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  1900 IEEE JOURNAL OF SOLID-STATE CIRCUITS, VOL. 36, NO. 12, DECEMBER 2001 A Low-Power ReconfigurableAnalog-to-Digital Converter Kush Gulati  , Member, IEEE,  and Hae-Seung Lee  , Fellow, IEEE   Abstract— A low-power CMOS reconfigurable analog-to-digitalconverter that can digitize signals over a wide range of bandwidthand resolution with adaptive power consumption is described.The converter achieves the wide operating range by (1) reconfig-uring its architecture between pipeline and delta–sigma modes;(2) varying its circuit parameters, such as size of capacitors,length of pipeline, and oversampling ratio, among others; and(3) varying the bias currents of the opamps in proportion to theconverter sampling frequency, accomplished through the use of aphase-locked loop (PLL). This converter also incorporates severalpower-reducing features such as thermal noise limited design,global converter chopping in the pipeline mode, opamp scaling,opamp sharing between consecutive stages in the pipeline mode,an opamp chopping technique in the delta–sigma mode, and otherdesign techniques. The opamp chopping technique achieves fasterclosed-loop settling time and lower thermal noise than conven-tional design. At a converter power supply of 3.3 V, the converterachieves a bandwidth range of 0–10 MHz over a resolution rangeof 6–16 bits, and parameter reconfiguration time of twelve clockcycles. Its PLL lock range is measured at 20 kHz to 40 MHz. In thedelta–sigma mode, it achieves a maximum signal-to-noise ratio of 94 dBand second and third harmonicdistortions of 102and 95dB,respectively, at 10 MHz clock frequency, 9.4 kHz bandwidth, and17.6 mW power. In the pipeline mode, it achieves a maximumDNL and INL of 0.55 LSBs and 0.82 LSBs, respectively, at11 bits, at a clock frequency of 2.6 MHz and 1 MHz tone with24.6 mW of power.  Index Terms— ADC, analog-to-digital, chopping, delta–sigma,OSR, phase-locked loop, pipeline, PLL, programmable, reconfig-urable, sigma–delta. I. I NTRODUCTION T HERE ARE applications that require analog-to-digitalconverters (ADCs) that can digitize signals at a widerange of bandwidth at varying resolution with adaptive powerconsumption. One such application is a multistandard com-munications system. The trend toward an ever-increasingvariety in communications applications, as well as the prolif-eration of standards for each of these applications, demandsradio receivers that can be made to operate over a variety of specifications. A single converter that can be reconfigured toadapt to these various standards is highly desirable [1]. Yetanother sought-after feature of a communication device is thepossibility of adapting the performance of its electronics to its Manuscript received April 12, 2001; revised June 24, 2001. This work wassupported by DARPA under Agreement DAAL-01-95-K-3526, the Center forIntegrated Circuits and Systems, and a fellowship from Maxim Integrated Prod-ucts.The authors are with the Department of Electrical Engineering and ComputerScience, Massachusetts Institute of Technology, Cambridge, MA 02139 USA(e-mail: kush@mtl.mit.edu; hslee@mtl.mit.edu).Publisher Item Identifier S 0018-9200(01)09317-9. surrounding conditions [1]. Catering to such variable quality of service requires a digitization system that can adapt its powerconsumption with changing signal-to-noise and bandwidthspecifications.There are several popular ADC architectures, such as theflash, pipeline [2], cyclic [3], and delta–sigma converters [4].Each of these architectures, however, can work optimally onlyat a narrow range of resolution, bandwidth, and power. Forexample, a standard pipeline converter works optimally at low-to-medium resolutions and medium-to-high speeds, while adelta–sigma converter works best at low speeds and deliversmedium-to-high resolutions. A conventional ADC with fixedtopology and parameters cannot efficiently be employed forthe task of digitizing signals at a wide range of bandwidth atvarying resolution with adaptive power consumption.An alternate approach is to employ an array of ADCs,each customized to work at narrow ranges of resolution andinput bandwidth. Such a converter implementation, however,would require a prohibitively large number of ADCs to achieveoptimal power consumption with a reasonably fine granularityover input bandwidth and resolution.A single ADC with reconfigurable parameters and reconfig-urable topology would be able to achieve the above goal. Priorreconfigurable ADCs, however, achieve very limited recon-figurability. For example, variable resolution in a delta–sigmaconverter has been proposed by changing oversampling ratio(OSR) and bias currents of the converter over a predeter-mined set of values obtained from a lookup table [5]. Thisfixed arrangement can offer only relatively limited resolutionreconfigurability. In addition, relying on predetermined biascurrents does not work over different fabrication processeswithout costly calibration. Another ADC with limited config-urability operates only at select values of 10-b/3-Msamples/s,8-b/4-Msamples/s, and 4-b/8-Msamples/s [6]. Other examplesof prior reconfigurable solutions include a flash ADC withtwo settings [7], [8] and a cyclic ADC that can be configuredfor 8, 13, or 16 bits [9]. Both of these provide only limitedreconfigurability. This work proposes the idea of a single con-verter [10], [11] that can morph itself into different topologiesto cover the desired continuum of resolution and bandwidthspace with minimum power at each performance level. Theproposed converter is designed to provide a significantly largerreconfigurability space.II. C ONCEPT OF  P ROPOSED  R ECONFIGURABLE  C ONVERTER The concept of the proposed ADC stems from the observa-tion that ADC architectures such as the pipeline, cyclic, and 0018–9200/01$10.00 © 2001 IEEE  GULATI AND LEE: LOW-POWER RECONFIGURABLE ANALOG-TO-DIGITAL CONVERTER 1901 delta–sigmaADCtopologiescancoverawiderangeofdatarateand resolution. As mentioned in the previous section, while thepipeline is ideal for low-to-medium resolutions and medium-to-high speeds, the delta–sigma architecture can deliver veryhigh resolutions at low-to-medium speeds. These ADC topolo-gies, furthermore, are composed of the same basic componentssuchasopamps,comparators,switches,andcapacitors.Thedif-ference between them, from a network perspective, is the inter-connection between these devices. Thus, a converter composedofthesebasicbuildingblocksinconjunctionwithaconfigurableswitch matrix can be made to construct these different topolo-gies and work at different resolutions and bandwidths. At eachpointinthedatarateversusresolutionspace,theADCadjustsitstopology to minimize the power consumption. Such a solutionhas one drawback: switch parasitics that lead to performancedegradation. This problem has been addressed in the switch-ca-pacitor sample/amplify/integratorcore by maximizing thereuseof switches between different modes, as will be discussed in de-tail in a later section.  A. Reconfiguration Methodology Reconfiguration of this data converter occurs at three levels.1) Architecture reconfiguration. This involves the choice of eitherthepipelineorthedelta–sigmatopologies.Thecon-verter is in delta–sigma mode for resolution greater than12 bits, while for lower resolutions, it is inpipeline mode.2) Parameter reconfiguration. In the pipeline mode, the sizeof the capacitors and the length of the pipeline can bemodifiedwhilethedelta–sigmareliesonvariationofOSRto change its resolution. Variation of the OSR at a fixedinputbandwidthaswellasthevariationoftheinputband-width in either of the modes demands a method by whichthe power consumption of the converter can track thesampling rate. This leads us to the third reconfigurationmethod.3) Bandwidth reconfiguration. Here, a phase-locked loop(PLL) senses the clock frequency and varies the bias cur-rent of the opamps automatically to exactly the value thatis necessary for the stage outputs to settle to the appro-priate level at that clock frequency.  B. Selection of Architectural Modes While the pipeline and cyclic converters contain similarcomponents and are topologically similar, the cyclic converterhas a lower figure-of-merit (FOM) than the pipeline converteremploying scaled opamps [12], [13]. However, the cyclicconverter is capable of digitizing at a lower sampling rate thanthe pipeline converter. The reason for this stems from the factthat the minimum clock speed of any converter is limited byleakage from the switched capacitors. For certain applications,nevertheless, the pipeline can be operated in burst mode orin oversampling mode to lower its effective sampling rate.Clearly, thus, the pipeline can do almost everything the cycliccan do, at lower power. This allowed us to eliminate the cyclicconverter as a choice for one of the modes of the reconfigurableconverter, resulting in reduced design complexity. Thus, onlythe delta–sigma and the pipeline architectures were eventuallychosen as the primary modes of the reconfigurable converter. Fig. 1. ADC architecture. III. ADC A RCHITECTURE AND  A RCHITECTURE R ECONFIGURATION  A. System Level Description of Converter  The reconfigurable converter prototype shown in Fig. 1 con-tains a main reconfiguring logic that utilizes a user-defined  con- figurationword  togenerateinternalcontrolbitstodeterminetheglobal structure of the converter, the state of each of the basicbuilding blocks B1–B8, and the other peripheral blocks of theconverter as shown in the figure. The clock generator moduleuses the externally provided clock signal to create two nonover-lapping phases and two delayed versions of each phase. It thenprovides these six clock signals, along with their complements,to the block configuring logic of the cascaded basic buildingblocks and the other peripherals. In order to maximize signalrange of the converter, the clock voltage is set to 4.6 V, which ishigherthantheanalogpower-supplyvoltageachievedbyraisingthepowersupplyoftheclockgeneratormodule.Normally,stan-dard clock-boosting circuits, such as that described in [14], areused to boost up the clock level. For simplicity, clock-boostingcircuitrywasnotincludedinthisprototype.ThePLLutilizestheclock, and determines the appropriate bias current of the con-verter based on the clock frequency and the resolution desiredof the converter. The output interface consists of several regis-ters for the task of temporal and spatial alignment of the outputdigitalbits.Theoutputinterfacethenfeedstheprocesseddatatothe output drivers that send the information out of the chip. Thebasic building block of the converter (represented by B1–BN inFig. 1) is described in greater detail in Section VI.  B. Pipeline Mode Architecture In the pipeline mode, the switched-capacitor portion of eachblock is transformed to a sample-and-hold and multiply-by-2stage for two consecutive pipeline stages, as will be explainedlater. The pipeline mode also incorporates a 1.5-b/stage dig-ital error correction scheme [15] that digitally compensates forthe offset of the comparator. This implementation of this tech-nique requires two comparators with thresholds at , where. Ideally, equals . This com-parator pair is contained within the decision block shown inthe illustration of the basic building block. The consequence of using the digital error correction is that offset from the opamp(as long as it is less than ) no longer saturates the nextstage of the pipeline ADC. Thus, the offset of each opamp canbe simply modeled as a shift in the residue plot of the pipeline  1902 IEEE JOURNAL OF SOLID-STATE CIRCUITS, VOL. 36, NO. 12, DECEMBER 2001 Fig. 2. Illustration of global chopping of ADC. stage, implying that these opamp offsets can be referred to theinput of the converter as a single global offset. To cancel thisglobal converter offset, a global converter chopping mechanismis proposed, as is described below. In contrast to the proposedchopping, conventional offset cancellation either requires theopamp to be active during the sampling phase or involves ad-ditional circuitry, leading to greater power and complexity.The proposedglobalconverter-chopping schemeentails mul-tiplying the input of the converter by a string of alternating 1’sand 1’s, as shown in Fig. 2, thus modulating the converterinput to a higher frequency away from the dc offset andnoise of the converter. The output is multiplied by an identicalstring to demodulate the input signal back to the baseband. Theoffset and noise are consequently displaced to andsubsequently removed by low-pass digital filtering. Input chop-ping is achieved simply by swapping the positive and negativeinputs every clock cycle, while output chopping is achieved byinverting the sign of the digital output every other clock cycle.Global chopping of the ADC eliminates errors with even sym-metry in the ADC transfer characteristic, while leaving errorswith odd symmetry undisturbed. To understand this, refer toFigs. 3 and 4. Fig. 3 shows the case for ADC with errors havingeven symmetry. Fig. 3(a) shows the error, while Fig. 3(b) and(c) shows the transfer characteristic with the even error super-imposed on it for the unchopped sample and for the choppedsample, respectively. It is clear that averaging the characteris-tics (through the process of digital filtering) in Fig. 3(b) and (c)will lead to the ideally desired characteristic. Fig. 4(a), (b) and(c) shows the corresponding plots for odd symmetry error. Av-eraging the characteristics in Fig. 4(b) and (c) will not removethe error. As far as the impact of global chopping on linearity,ADC characteristics containing integral nonlinearity (INL) anddifferential nonlinearity (DNL) can contain both even and oddsymmetric components. Global chopping only serves to removethe symmetric portion of these errors.Global offset compensation is not only simpler to implementthan local opamp offset correction schemes, it can also addressoffset due to other sources, such as charge injection fromswitches in the switched-capacitor circuit. Again, it has tobe ensured that the internal opamp offsets do not saturatethe following stages. Practically, this is done by the use of the 1.5-b/stage digital error correction scheme. Since opampoffset cancellation is not performed at a local level, the globalchopping scheme frees up the opamp during the samplingphase. As a result, consecutive stages of the pipeline do notboth simultaneously require the opamp, and a single opamp canbe timeshared [13], [16] between the two consecutive stages,leading to power and area savings. This allows two stages of the pipeline architecture to be collapsed into one basic buildingblock containing a single opamp and several capacitors. (a) (b) (c)Fig. 3. Effect of global chopping on ADC transfer characteristic with evensymmetry. (a) Error of ADC transfer characteristic. Error has even symmetry.(b)ADCtransfercharacteristicwithevensymmetryerrorforunchoppedsample.(c) ADC transfer characteristic with even symmetry error for ADC in choppedcondition. Averaging the transfer characteristics shown in (b) and (c) will yieldtheidealADCtransfercharacteristic. Thecharacteristicin(c) hasbeenobtainedby flipping the input and output axes of the characteristic shown in (b).(a) (b) (c)Fig. 4. Effect of global chopping on ADC transfer characteristic with oddsymmetry. (a) Error of ADC transfer characteristic. Error has odd symmetry.(b)ADCtransfercharacteristicwith oddsymmetry errorforunchopped sample.(c) ADC transfer characteristic with odd error for ADC in chopped condition.Averaging the transfer characteristics shown in (b) and (c) will not change theerror. Since successive stages of the pipeline architecture con-tribute less noise, the pipeline stages can employ capacitors andopamp sizesand power that aresuccessively scaled. TheoreticalMATLAB analysis shows that the optimal interstage scalefactor is in the range of 0.4 to 0.6. Most importantly, however,it is found that this optimal scale factor is quite broad. The factthat the minima is broad allows us to choose a convenient factorof 0.5 as the interstage scale factor; since two pipeline stagesare contained within one block of the reconfigurable ADC,the interblock scaling factor is 1/4. The choice of 0.5, as wewill see, paves the way for a novel parameter reconfigurationmethodology when the converter is in the pipeline mode. C. Delta–Sigma Mode Architecture The delta–sigma mode of the reconfigurable ADC is basedon a fourth-order distributed feedback/distributed feedforwardcascade-of-integrators-type architecture [17], as shown inFig. 5. These four delta–sigma stages are embedded in the firstfour reconfigurable converter blocks, with each basic buildingblock corresponding to a single delta–sigma stage. GlobalADC chopping cannot be employed with a low-pass delta–sigma converter to eliminate opamp offset and noise. Thisis because the process of chopping the input modulates theinput band to . Opamp offset in the delta–sigma modeis corrected by executing opamp chopping in the first block.Its circuit implementation is described in Section VI-C. In thedelta–sigma mode as well, the opamps in the successive stagescan be scaled by a factor dependent on the oversampling ratio.While the interblock scale factor of 1/4 is less than the optimal  GULATI AND LEE: LOW-POWER RECONFIGURABLE ANALOG-TO-DIGITAL CONVERTER 1903 Fig. 5. Architecture of converter in delta–sigma mode.Fig. 6. Resolution variation in pipeline mode. scaling factor for the range of oversampling ratios employed, itis enough to extract most of the power savings stemming fromthe process of scaling.IV. ADC P ARAMETER  R ECONFIGURATION With the chosen interstage scale factor of 1/2, the thermalnoise from the second block in the reconfigurable converter B2is twice as high as that from B1, as shown in Fig. 1. This leadsto the resolution reconfiguring methodology in the pipelineADC as illustrated in Fig. 6. A 12-b mode pipeline employsblocks B1–B6. An 11-b mode pipeline can tolerate twice asmuch thermal noise and employs blocks B2–B7, the 10-b modeemploys blocks B3–B7, and so on. Any block that is not usedis switched off. Thus a combination of shifting and truncatingmaintains -limited operation and hence minimum powerthrough varying resolution. This process requires the inputto be physically routed to several stages of the pipeline; this,however, is necessary in any case because the delta–sigmaarchitecture involves distributed feedforward of the input.In the delta–sigma mode, resolution is varied by changingthe oversampling ratio of the converter. The thermal noisecontributing capacitors in delta–sigma mode are reused fromthe pipeline mode. For this reason, the delta–sigma mode is inthermal noise dominated regime for most oversampling ratios.In this regime, varying coefficients of the modulator to changethe resolution is not very efficient.V. B ANDWIDTH  R ECONFIGURATION Bandwidth reconfiguration is achieved using a PLL. Fig. 7shows the PLL employed for this purpose. The voltage-con-trolled oscillator (VCO) shown to the right of the figure isconstructed from three amplifiers that are scaled-down replicasof the opamps of the ADC in such a way that the VCOfrequency is proportional to the unity-gain frequency of these opamps, which in turn corresponds to the settling speedof the opamps in the ADC. The output of the charge pump isconverted to a current and is then used as the bias current of theVCO opamps to control its oscillation frequency. The same biascurrent is also fed to the opamps in the main ADC. The ADCsampling clock is supplied to the input of the PLL. Duringlocked conditions, the bias current of the VCO is exactly suchthat the VCO oscillation frequency matches the sampling clock frequency. This automatically fixes the bias currents of theADC opamps. If the clock frequency changes, the ADC biascurrent changes so that the settling time of the ADC remainssynchronized to the clock frequency. In practice, the settlingtime of the ADC also depends on the resolution of the ADC.Higherresolution requiresfiner settling andhencemore settlingtime. This is taken care of by increasing the capacitive load of the VCO opamps as resolution increases. For the same clock frequency, greater VCO capacitance causes larger bias currentsto flow through the opamps. A set of switchable capacitors isplaced at the output of each VCO opamp to accomplish thecapacitive load variation.VI. ADC B ASIC  B UILDING  B LOCK  C IRCUITS  A. Block Diagram of Basic Building Block  The internal structure of each basic building block is shownin Fig. 8. It possesses the capability to serve as sample-and-holdand gain stages for two consecutive stages of the pipeline archi-tecture in the pipeline mode and as a multiple input integratingsummer while in the delta–sigma mode. Each building block consists of a block reconfiguration logic, an opamp, several ca-pacitors and switches, a programmable decision box, and anoutput conditioning logic. The block reconfiguration logic ob-tains the reconfiguration information from the main reconfigu-rationlogicandcreatesseveralstaticsignalsforthevariouspartsof the block. Based on the control information it receives fromthe main reconfiguration logic, it also conditions the clocks thatthe block receives from the main clock generator. Clock con-ditioning entails controlling the status of the clocks (active orinactive), determining which phase and delayed version of theclock is fed to switches of the switch-capacitor network. Theoutput-conditioning block determines the flow of the data fromeach of the blocks to the output interface of the ADC and itsneighboringblocks.Inparticular,itdetermineswhichofthebitsto allow outside of the block depending on a variety of controlsignals.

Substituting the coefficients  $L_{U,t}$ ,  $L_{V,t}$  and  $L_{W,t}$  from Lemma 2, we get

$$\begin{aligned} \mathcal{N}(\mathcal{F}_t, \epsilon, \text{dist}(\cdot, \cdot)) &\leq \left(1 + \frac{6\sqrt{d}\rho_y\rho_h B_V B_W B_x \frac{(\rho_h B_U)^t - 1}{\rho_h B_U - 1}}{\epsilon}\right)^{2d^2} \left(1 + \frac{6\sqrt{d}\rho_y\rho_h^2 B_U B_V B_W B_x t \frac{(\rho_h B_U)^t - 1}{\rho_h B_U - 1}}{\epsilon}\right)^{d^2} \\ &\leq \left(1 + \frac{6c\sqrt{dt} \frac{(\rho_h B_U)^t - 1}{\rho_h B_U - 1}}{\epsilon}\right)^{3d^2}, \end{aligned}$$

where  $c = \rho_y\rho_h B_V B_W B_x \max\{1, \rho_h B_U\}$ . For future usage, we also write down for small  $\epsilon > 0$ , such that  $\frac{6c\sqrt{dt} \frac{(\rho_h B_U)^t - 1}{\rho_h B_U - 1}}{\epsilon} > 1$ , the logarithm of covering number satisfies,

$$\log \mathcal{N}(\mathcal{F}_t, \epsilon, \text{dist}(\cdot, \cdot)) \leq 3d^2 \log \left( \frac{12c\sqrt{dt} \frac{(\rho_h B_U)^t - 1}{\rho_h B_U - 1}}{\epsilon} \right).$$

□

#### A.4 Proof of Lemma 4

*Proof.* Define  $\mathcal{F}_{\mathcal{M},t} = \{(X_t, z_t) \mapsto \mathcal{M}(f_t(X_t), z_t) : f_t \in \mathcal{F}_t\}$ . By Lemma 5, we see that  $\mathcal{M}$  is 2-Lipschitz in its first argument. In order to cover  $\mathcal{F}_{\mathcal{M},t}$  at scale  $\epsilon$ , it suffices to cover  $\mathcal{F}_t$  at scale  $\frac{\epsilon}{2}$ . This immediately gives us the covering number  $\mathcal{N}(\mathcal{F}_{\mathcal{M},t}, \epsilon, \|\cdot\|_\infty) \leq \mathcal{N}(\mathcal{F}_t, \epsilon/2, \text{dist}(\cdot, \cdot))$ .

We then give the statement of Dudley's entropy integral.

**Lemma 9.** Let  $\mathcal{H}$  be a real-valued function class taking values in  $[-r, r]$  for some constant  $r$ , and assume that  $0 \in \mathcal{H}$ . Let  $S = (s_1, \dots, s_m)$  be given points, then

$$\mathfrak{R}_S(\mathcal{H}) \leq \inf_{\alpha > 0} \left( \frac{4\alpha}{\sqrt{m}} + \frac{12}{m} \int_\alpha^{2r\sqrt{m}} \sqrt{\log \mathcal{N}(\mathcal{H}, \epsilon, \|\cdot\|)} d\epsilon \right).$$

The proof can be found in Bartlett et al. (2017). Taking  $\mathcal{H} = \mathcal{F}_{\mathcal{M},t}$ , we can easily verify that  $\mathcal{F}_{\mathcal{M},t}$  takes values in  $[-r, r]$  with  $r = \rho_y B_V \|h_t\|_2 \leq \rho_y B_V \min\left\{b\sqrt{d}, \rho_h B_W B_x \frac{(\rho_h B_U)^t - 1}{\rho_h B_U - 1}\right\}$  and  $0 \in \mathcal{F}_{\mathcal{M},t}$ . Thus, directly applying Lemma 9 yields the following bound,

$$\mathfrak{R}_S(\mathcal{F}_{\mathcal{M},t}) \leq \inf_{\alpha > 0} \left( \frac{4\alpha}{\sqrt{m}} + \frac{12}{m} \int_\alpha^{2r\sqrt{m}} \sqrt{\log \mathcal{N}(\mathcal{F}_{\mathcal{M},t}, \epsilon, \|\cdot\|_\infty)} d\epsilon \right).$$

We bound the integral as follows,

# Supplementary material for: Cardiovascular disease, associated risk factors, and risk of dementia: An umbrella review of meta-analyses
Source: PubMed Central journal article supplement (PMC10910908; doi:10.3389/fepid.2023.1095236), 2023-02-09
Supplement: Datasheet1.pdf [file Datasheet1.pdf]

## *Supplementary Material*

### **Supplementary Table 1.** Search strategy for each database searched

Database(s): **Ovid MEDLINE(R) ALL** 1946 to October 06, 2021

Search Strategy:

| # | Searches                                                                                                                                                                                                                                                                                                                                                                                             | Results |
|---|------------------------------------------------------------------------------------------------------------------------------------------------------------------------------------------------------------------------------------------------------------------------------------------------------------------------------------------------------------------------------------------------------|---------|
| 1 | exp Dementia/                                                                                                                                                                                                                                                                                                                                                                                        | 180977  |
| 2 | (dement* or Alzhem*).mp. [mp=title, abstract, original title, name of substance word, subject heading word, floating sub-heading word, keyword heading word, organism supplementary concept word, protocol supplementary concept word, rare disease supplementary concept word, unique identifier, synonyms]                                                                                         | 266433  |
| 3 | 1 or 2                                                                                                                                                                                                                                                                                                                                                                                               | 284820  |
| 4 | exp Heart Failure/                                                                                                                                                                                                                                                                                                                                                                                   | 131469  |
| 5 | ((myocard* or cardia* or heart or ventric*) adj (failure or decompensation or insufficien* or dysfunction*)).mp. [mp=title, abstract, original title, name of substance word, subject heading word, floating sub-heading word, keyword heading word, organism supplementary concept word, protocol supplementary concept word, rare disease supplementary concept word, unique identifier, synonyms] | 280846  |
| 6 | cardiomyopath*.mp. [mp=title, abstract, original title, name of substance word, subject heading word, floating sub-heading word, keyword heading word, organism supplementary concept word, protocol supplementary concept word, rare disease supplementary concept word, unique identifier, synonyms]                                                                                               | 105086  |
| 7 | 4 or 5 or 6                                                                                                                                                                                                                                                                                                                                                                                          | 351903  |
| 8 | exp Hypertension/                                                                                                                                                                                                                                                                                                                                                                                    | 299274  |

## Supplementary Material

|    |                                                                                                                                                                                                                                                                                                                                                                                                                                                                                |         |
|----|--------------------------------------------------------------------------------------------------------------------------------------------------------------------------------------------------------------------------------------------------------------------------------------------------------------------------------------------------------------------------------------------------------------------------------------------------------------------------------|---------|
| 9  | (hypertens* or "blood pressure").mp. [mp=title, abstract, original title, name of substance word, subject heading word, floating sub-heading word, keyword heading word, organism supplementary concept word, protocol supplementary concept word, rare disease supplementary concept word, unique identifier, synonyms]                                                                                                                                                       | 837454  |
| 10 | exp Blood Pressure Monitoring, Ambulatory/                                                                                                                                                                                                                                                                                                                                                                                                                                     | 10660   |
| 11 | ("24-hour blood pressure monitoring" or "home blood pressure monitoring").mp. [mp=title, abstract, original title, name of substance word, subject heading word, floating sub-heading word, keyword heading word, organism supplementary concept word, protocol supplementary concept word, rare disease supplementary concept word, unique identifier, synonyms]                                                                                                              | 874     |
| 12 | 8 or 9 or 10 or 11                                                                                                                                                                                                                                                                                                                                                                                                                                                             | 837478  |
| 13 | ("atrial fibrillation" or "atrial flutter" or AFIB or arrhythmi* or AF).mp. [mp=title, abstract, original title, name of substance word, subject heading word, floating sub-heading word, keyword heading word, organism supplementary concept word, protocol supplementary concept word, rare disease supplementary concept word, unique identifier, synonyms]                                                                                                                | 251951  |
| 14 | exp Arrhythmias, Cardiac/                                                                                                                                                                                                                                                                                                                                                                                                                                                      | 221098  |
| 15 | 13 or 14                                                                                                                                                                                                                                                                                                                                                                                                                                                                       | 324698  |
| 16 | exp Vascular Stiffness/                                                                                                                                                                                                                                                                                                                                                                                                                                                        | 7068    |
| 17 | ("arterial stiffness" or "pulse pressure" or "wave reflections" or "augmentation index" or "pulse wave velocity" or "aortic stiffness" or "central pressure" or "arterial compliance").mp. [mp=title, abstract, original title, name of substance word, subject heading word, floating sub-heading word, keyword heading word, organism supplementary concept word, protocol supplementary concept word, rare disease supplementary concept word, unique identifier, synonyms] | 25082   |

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Jul 23, 2017